In the Western Mediterranean at the peak of the Roman Empire, Latin was the overriding language for imperial administration, legislation and military use. It was also the language of the educated elite, used by writers like Cicero, Catullus and Horace. It was also the language of culture, used by poets like Virgil and Ovid, philosophers like Stoics and Plautus and even scholars and doctors such as Frontinus and Hyginus.
Of course, the Romans were a diverse lot and there were plenty of other languages in circulation. There were, for example, the surviving Etruscan dialects of Oscan and Faliscan. And there were also the indigenous languages of Italy, such as Umbrian and Otranto. Some of these dialects even influenced the early development of Latin.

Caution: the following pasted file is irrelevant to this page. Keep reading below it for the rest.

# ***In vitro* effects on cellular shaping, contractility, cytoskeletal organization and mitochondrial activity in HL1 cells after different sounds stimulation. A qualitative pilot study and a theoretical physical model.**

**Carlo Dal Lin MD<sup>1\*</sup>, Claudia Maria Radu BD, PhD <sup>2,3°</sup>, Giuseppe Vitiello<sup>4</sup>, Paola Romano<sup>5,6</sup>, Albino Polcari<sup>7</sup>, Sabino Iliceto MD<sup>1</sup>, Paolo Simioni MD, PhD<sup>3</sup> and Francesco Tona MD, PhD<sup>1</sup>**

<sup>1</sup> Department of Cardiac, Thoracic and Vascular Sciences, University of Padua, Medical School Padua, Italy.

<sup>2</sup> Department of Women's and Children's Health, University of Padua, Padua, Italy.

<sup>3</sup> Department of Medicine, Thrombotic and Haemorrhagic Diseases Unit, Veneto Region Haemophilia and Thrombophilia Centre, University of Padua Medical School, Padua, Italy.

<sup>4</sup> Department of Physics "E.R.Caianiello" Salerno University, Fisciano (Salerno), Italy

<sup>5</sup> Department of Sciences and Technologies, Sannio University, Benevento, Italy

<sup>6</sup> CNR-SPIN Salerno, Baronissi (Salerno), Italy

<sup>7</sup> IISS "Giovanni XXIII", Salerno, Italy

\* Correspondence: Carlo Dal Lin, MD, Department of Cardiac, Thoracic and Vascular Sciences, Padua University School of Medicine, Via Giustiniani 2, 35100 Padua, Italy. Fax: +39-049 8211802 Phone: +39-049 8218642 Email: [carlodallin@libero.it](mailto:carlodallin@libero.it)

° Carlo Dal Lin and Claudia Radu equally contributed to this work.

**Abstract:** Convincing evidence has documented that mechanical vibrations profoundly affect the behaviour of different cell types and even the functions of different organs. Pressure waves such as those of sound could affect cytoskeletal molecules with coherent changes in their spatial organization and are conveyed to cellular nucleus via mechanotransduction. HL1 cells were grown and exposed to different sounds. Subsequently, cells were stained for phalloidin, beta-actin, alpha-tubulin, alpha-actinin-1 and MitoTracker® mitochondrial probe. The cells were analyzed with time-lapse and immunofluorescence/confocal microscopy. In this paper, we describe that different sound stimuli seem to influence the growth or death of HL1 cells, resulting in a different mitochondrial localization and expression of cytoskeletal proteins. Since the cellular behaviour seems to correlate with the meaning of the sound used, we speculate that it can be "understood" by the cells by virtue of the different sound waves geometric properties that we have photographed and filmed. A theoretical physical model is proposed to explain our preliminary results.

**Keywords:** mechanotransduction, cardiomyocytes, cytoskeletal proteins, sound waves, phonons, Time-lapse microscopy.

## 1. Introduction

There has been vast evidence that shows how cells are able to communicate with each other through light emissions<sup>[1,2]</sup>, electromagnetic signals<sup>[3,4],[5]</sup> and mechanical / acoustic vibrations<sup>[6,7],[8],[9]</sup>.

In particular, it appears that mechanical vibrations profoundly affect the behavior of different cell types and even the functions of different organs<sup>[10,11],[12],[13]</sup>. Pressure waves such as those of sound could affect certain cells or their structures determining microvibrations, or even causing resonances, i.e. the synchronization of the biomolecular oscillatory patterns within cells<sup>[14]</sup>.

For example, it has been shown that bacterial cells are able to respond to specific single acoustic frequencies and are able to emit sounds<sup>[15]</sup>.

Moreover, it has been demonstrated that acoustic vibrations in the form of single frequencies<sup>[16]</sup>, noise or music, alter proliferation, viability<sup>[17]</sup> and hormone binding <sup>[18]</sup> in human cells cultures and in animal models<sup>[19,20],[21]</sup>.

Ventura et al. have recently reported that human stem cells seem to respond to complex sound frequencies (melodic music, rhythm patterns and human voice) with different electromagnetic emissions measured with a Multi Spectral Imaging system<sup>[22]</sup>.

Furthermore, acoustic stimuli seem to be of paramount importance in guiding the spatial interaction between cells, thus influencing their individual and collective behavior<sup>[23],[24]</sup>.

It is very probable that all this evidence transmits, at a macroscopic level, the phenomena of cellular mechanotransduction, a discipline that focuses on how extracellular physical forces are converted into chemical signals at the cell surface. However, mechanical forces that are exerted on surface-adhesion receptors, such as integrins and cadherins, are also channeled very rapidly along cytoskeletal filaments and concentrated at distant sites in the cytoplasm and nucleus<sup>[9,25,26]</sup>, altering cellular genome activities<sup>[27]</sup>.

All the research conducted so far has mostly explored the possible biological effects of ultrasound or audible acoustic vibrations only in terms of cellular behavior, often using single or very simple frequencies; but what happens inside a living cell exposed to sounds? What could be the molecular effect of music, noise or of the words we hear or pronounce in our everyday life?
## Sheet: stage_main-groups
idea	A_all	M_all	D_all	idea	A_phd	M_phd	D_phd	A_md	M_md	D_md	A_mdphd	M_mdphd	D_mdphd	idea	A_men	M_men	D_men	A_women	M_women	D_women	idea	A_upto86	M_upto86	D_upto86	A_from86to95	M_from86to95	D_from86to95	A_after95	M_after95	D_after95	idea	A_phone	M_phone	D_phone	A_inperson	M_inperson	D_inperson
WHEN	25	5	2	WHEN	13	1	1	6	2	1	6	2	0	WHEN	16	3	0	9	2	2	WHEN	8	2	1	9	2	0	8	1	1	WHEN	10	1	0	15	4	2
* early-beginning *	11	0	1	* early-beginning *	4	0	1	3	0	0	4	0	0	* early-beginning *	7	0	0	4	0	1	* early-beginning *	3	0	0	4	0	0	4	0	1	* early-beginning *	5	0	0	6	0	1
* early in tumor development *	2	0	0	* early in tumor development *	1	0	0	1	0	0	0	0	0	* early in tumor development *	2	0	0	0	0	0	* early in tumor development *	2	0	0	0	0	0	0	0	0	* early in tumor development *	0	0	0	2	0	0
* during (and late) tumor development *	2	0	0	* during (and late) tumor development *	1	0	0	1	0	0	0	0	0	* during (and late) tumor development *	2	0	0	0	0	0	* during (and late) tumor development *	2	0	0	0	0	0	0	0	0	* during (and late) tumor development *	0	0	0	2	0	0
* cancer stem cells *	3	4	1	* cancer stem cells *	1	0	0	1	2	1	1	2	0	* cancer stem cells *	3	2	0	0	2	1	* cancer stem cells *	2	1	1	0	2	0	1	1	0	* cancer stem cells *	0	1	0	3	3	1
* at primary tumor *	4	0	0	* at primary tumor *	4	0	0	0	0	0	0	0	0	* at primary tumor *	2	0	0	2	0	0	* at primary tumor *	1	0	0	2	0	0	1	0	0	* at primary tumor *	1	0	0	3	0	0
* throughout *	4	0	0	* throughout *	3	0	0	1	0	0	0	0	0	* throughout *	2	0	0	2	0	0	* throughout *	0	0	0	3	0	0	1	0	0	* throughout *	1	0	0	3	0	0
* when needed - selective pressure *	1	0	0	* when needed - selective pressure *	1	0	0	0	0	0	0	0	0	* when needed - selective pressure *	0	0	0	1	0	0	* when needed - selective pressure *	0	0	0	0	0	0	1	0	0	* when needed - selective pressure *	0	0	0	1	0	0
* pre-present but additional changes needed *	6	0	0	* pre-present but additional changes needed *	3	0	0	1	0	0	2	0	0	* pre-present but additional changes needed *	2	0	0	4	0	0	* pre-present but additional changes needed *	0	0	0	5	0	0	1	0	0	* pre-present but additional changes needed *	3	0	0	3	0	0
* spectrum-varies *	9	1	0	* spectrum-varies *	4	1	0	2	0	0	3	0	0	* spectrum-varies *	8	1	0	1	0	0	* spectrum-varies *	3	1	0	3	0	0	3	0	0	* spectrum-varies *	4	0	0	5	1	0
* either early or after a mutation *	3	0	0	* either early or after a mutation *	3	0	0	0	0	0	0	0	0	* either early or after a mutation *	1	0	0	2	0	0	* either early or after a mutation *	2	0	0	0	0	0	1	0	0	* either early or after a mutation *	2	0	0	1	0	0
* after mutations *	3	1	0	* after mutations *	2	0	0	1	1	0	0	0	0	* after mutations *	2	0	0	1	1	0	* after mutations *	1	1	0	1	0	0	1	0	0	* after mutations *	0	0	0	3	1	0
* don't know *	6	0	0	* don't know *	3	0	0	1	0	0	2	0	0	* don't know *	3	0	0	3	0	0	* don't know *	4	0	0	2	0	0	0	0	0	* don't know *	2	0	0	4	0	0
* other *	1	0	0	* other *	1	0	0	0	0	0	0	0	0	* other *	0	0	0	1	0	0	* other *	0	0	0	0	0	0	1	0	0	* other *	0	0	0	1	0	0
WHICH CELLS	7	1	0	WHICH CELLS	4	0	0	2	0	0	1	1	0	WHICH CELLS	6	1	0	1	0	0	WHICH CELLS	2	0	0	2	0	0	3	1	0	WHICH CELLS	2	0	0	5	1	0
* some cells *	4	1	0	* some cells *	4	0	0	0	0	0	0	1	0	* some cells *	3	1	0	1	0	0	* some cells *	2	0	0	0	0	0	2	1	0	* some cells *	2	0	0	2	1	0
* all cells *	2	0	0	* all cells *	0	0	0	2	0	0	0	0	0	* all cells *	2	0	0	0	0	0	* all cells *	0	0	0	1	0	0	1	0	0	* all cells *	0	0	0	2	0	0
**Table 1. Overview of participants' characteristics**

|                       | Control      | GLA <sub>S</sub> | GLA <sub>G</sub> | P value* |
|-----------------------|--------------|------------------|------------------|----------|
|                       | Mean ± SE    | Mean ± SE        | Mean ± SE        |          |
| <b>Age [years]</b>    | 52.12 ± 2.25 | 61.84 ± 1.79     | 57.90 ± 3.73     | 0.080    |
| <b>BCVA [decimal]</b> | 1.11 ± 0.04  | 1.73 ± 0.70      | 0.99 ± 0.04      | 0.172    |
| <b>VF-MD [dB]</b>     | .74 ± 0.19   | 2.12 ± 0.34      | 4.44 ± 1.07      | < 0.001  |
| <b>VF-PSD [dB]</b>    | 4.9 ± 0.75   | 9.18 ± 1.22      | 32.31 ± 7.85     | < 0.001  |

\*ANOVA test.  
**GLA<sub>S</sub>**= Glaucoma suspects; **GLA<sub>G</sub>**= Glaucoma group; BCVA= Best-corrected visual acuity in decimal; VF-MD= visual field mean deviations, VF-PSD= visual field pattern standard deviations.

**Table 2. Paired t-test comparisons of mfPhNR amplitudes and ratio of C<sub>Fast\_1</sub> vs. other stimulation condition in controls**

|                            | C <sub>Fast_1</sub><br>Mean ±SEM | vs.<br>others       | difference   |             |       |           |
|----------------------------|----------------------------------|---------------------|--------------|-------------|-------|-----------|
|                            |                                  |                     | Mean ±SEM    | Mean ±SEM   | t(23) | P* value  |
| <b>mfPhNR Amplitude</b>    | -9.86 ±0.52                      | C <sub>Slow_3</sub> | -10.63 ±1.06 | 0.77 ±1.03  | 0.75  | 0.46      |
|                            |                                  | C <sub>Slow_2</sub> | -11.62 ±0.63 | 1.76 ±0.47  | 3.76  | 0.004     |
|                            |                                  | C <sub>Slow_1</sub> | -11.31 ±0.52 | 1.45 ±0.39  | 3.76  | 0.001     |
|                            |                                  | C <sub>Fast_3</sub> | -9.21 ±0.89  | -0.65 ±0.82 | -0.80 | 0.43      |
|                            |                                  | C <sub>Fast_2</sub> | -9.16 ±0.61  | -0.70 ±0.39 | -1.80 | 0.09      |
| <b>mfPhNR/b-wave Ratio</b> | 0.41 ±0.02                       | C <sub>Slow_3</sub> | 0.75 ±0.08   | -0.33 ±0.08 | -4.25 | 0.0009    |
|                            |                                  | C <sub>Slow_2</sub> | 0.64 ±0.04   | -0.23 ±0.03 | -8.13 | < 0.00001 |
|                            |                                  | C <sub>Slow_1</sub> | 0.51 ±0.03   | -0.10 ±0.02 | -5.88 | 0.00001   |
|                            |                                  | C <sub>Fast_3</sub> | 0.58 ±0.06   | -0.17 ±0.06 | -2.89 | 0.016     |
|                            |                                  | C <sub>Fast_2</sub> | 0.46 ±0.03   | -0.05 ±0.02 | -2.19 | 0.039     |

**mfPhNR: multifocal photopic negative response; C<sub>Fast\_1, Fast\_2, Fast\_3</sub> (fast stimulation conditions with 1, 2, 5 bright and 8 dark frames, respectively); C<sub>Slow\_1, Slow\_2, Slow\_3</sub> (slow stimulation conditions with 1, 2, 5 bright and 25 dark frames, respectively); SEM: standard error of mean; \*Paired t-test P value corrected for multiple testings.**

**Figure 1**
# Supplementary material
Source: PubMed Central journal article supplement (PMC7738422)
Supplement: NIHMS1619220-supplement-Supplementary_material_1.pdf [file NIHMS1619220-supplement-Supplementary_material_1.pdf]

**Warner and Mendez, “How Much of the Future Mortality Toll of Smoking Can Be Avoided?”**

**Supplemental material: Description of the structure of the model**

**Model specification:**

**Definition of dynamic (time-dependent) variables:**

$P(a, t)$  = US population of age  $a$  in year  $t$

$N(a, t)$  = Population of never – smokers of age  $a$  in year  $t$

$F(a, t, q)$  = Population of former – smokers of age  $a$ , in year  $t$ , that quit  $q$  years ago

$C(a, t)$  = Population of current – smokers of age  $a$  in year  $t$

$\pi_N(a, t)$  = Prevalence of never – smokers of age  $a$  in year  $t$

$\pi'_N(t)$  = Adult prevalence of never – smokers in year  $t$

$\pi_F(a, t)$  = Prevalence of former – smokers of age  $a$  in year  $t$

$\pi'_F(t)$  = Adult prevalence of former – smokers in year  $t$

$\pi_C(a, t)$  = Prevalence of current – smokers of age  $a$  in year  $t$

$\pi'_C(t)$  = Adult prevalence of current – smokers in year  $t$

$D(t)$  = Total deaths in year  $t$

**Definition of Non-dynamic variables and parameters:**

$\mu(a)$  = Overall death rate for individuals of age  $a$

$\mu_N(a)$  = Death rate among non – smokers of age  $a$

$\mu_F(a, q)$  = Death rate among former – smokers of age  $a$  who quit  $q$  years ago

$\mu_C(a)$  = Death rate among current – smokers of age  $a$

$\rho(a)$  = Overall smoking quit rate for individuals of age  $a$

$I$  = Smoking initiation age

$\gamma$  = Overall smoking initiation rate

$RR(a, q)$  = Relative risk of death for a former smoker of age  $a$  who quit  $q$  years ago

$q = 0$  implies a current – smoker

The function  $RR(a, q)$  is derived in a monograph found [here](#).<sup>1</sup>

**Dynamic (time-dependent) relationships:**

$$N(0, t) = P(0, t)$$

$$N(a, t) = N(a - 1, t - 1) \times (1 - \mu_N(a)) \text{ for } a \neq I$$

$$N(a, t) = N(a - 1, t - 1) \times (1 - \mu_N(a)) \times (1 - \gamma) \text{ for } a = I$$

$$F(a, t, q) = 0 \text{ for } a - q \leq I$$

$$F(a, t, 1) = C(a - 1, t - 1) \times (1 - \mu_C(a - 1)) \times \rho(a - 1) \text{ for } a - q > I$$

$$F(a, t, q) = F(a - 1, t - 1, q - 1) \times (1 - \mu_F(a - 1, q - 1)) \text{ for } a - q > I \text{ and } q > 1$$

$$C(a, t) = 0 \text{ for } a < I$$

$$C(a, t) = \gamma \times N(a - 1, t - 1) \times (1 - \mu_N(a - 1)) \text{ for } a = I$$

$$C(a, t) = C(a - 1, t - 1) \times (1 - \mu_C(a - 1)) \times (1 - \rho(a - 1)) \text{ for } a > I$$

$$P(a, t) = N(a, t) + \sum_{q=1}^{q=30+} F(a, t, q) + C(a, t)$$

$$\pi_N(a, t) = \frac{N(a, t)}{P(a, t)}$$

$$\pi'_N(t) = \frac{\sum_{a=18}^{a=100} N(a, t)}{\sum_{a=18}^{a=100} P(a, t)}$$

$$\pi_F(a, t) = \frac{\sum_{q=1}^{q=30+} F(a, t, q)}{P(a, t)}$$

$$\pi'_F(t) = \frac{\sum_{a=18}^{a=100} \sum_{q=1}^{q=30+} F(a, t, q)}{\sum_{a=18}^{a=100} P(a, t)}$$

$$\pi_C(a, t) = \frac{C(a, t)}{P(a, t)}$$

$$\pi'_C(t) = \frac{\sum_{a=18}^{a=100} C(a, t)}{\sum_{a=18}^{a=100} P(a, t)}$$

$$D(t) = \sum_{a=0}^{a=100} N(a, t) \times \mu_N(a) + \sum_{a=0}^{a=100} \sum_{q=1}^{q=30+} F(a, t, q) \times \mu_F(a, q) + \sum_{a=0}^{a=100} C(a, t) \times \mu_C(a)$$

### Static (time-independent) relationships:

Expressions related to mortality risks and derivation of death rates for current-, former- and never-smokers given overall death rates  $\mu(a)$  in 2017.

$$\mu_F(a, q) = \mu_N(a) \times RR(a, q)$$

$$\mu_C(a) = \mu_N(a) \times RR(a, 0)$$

By the second century AD, however, Latin had become so established that it started to develop its own 'dialects' across the empire. These were regional variations in the way the language was pronounced, and they were influenced by a number of things including external influences from other countries, communities and empires.
It’s likely that many Romans were fluent in Greek as well. This was particularly true of the educated elite. It’s possible that, like Victoria, aristocratic children would learn Greek from their nannies as well as Latin. And as they grew older, the language of their education, literature, poetry and science would be Greek. This was a very important part of what it meant to be a Roman.